was wise who 'delayed not, but made haste and delayed not to keep God's
commandments.' Many a man has over and over again resolved to serve God
in some specific fashion, and to enlist in the 'effective force' of
Christ's army, and has died without ever having done it.
IV. The question in the hour of victory. 'Why?'
Deborah asks it with vehement contempt.
That victory is certain. Are _you_ to have part in it?
The question will be asked on the judgment day by Christ, and by our
own consciences. 'And he was speechless.'
To be neutral is to be on the side of the enemy, against whom the
'stars fight,' and whom Kishon sweeps away.
'Who is on the Lord's side?' - Who?
'ALL THINGS ARE YOURS'
'They fought from heaven; the stars in their courses fought against
Sisera.' - JUDGES v. 20.
'For thou shalt be in league with the stones of the field: and the
beasts of the field shall be at peace with thee.' - Job v. 23.
These two poetical fragments present the same truth on opposite sides.
The first of them comes from Deborah's triumphant chant. The singer
identifies God with the cause of Israel, and declares that heaven
itself fought against those who fought against God's people. There may
be an allusion to the tempest which Jewish tradition tells us burst
over the ranks of the enemy, or there may be some trace of ancient
astrological notions, or the words may simply be an elevated way of
saying that Heaven fought for Israel. The silent stars, as they swept
on their paths through the sky, advanced like an avenging host
embattled against the foes of Israel and of God. All things fight
against the man who fights against God.
The other text gives the other side of the same truth. One of Job's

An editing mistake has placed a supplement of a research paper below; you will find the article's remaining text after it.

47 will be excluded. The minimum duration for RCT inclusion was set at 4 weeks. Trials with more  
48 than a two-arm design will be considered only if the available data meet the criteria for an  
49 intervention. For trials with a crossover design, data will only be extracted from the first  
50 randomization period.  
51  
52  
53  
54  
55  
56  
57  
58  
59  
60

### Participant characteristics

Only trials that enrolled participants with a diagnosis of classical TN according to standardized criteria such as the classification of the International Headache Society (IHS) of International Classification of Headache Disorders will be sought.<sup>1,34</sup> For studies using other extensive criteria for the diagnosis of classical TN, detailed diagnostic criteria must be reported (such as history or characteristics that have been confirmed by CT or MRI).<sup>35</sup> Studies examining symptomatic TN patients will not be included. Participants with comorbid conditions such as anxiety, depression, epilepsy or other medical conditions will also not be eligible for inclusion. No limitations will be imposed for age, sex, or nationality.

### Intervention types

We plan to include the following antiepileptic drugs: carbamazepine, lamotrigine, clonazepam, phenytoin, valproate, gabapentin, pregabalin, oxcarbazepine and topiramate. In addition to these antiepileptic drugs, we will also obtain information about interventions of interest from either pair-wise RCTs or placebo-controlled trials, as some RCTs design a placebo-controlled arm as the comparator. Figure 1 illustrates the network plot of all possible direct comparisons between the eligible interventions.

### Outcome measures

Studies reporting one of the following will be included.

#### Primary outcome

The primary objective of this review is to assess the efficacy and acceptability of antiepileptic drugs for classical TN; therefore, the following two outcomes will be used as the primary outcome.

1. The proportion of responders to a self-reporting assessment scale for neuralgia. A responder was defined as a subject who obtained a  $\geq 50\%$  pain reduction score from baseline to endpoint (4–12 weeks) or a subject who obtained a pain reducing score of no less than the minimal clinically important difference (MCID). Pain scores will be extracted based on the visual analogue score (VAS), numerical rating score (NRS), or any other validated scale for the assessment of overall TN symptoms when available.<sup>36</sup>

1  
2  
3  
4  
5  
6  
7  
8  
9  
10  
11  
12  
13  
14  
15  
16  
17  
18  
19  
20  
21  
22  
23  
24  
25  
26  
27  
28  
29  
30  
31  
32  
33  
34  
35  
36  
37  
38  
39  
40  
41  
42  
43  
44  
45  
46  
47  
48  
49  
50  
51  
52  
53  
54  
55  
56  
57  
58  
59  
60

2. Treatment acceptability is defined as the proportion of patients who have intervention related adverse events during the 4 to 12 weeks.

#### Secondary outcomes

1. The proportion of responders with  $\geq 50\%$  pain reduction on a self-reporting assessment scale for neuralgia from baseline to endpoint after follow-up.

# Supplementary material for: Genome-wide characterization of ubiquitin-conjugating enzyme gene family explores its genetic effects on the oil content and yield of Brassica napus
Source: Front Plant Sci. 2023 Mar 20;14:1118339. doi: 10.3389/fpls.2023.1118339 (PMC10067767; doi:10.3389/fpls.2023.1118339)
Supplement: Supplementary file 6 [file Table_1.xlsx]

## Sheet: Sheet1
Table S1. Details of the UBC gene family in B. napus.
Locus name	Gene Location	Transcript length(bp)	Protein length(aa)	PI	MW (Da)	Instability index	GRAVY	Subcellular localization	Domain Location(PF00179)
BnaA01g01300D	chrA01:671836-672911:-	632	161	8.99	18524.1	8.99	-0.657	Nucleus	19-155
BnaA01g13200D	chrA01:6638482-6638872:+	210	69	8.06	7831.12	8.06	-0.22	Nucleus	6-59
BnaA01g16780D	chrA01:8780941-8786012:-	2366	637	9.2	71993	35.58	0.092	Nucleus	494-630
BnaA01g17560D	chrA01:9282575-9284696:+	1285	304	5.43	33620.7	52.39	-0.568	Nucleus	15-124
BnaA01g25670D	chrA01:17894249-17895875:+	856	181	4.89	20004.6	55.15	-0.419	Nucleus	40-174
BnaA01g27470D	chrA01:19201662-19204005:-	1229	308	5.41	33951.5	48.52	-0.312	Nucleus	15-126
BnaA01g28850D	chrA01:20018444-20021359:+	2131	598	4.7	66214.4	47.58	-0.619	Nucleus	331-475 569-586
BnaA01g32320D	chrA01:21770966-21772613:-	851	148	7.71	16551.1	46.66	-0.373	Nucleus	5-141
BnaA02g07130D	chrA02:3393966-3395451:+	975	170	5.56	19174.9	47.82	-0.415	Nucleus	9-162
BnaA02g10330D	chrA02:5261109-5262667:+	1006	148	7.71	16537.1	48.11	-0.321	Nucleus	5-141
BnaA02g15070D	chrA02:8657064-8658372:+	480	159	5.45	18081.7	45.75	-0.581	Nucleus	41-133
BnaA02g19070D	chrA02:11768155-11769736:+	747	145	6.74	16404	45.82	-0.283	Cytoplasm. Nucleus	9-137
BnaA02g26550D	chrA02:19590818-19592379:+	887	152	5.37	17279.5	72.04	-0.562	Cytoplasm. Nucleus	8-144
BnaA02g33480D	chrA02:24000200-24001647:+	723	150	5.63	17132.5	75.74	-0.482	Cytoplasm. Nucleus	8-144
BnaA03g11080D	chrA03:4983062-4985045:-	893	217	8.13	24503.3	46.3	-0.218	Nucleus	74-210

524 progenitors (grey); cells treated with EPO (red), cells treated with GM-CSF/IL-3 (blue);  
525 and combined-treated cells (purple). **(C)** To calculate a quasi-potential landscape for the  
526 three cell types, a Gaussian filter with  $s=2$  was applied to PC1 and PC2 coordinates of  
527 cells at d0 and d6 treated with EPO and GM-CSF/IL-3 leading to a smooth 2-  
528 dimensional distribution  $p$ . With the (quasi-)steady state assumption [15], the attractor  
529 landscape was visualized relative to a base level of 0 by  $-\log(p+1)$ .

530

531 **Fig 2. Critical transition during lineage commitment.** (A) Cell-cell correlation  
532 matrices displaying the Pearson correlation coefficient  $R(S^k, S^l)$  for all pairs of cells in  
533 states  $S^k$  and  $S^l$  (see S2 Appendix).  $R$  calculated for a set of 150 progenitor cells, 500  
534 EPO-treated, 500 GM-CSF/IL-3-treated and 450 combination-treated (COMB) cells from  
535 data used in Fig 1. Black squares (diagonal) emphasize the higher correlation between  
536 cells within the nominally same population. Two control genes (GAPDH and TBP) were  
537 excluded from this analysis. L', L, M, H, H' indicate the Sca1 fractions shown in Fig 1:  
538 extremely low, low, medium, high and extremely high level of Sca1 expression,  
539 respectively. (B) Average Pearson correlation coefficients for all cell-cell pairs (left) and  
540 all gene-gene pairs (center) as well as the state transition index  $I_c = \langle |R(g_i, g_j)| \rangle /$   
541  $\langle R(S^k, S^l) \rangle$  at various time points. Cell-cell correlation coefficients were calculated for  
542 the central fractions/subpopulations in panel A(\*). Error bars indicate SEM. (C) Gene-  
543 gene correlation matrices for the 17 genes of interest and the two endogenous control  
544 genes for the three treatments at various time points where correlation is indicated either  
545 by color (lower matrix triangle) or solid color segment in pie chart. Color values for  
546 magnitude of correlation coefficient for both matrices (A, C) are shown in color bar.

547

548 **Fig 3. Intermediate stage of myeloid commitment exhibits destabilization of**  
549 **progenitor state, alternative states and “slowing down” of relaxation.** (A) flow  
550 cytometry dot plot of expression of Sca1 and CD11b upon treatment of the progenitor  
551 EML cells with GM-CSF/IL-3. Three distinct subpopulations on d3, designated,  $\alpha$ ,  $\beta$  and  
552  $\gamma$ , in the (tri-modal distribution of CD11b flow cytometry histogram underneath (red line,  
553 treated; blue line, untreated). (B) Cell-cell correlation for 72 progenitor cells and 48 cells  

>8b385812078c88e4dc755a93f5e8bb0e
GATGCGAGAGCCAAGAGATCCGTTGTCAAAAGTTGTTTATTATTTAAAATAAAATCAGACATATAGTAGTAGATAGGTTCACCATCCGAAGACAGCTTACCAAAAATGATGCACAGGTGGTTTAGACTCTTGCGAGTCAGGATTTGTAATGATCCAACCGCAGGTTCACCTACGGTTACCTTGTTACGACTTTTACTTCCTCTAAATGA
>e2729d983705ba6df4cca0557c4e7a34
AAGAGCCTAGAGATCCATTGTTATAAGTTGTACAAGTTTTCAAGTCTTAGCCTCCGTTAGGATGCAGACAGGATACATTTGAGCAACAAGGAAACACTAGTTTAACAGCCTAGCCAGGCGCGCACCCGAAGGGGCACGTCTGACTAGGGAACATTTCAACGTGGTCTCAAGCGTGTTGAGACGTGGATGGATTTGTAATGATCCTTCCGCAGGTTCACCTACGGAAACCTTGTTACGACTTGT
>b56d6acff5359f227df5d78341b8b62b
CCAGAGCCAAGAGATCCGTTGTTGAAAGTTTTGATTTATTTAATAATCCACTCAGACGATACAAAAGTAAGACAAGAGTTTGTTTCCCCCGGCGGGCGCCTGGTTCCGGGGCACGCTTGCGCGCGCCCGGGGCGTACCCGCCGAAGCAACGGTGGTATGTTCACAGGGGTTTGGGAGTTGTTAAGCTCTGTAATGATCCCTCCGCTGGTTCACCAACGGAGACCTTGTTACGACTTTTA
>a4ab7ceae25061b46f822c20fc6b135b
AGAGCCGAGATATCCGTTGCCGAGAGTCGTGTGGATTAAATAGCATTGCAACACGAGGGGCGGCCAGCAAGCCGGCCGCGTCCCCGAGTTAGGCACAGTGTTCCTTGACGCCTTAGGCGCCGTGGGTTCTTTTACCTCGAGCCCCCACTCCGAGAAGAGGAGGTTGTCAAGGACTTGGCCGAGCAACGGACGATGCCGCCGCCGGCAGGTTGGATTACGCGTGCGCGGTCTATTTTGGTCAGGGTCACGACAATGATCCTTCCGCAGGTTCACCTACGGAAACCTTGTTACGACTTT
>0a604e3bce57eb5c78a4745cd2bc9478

friends is rubbing salt into his wounds by insisting on the
commonplace, which needs a great many explanations and limitations
before it can be accepted as true, that sin is the cause of sorrow, and
that righteousness brings happiness; and in the course of trying to
establish this heartless thesis to a heavy heart he breaks into a
strain of the loftiest poetry in describing the blessedness of the
righteous. All things, animate and inanimate, are upon his side. The
ground, which Genesis tells us is 'cursed for his sake,' becomes his
ally, and the very creatures whom man's sin set at enmity against him
are at peace with him. All things are the friends and servants of him
who is the friend and servant of God.
I. So, putting these two texts together, we have first the great
conviction to which religion clings, that God being on our side all
things are for us, and not against us.
Now, that is the standing faith of the Old Testament, which no doubt
was more easily held in those days, because, if we accept its teaching,
we shall recognise that Israel lived under a system in so far
supernatural as that moral goodness and material prosperity were a
great deal more closely and indissolubly connected than they are to-
day. So, many a psalmist and many a prophet breaks out into
apostrophes, warranted by the whole history of Israel, and declaring
how blessed are the men who, apart from all other defences and sources
of prosperity, have God for their help and Him for their hope.
But we are not to dismiss this conviction as belonging only to a system
where the supernatural comes in, as it does in the Old Testament
history, and as antiquated under a dispensation such as that in which
we live. For the New Testament is not a whit behind the Old in
insisting upon this truth. 'All things work together for good to them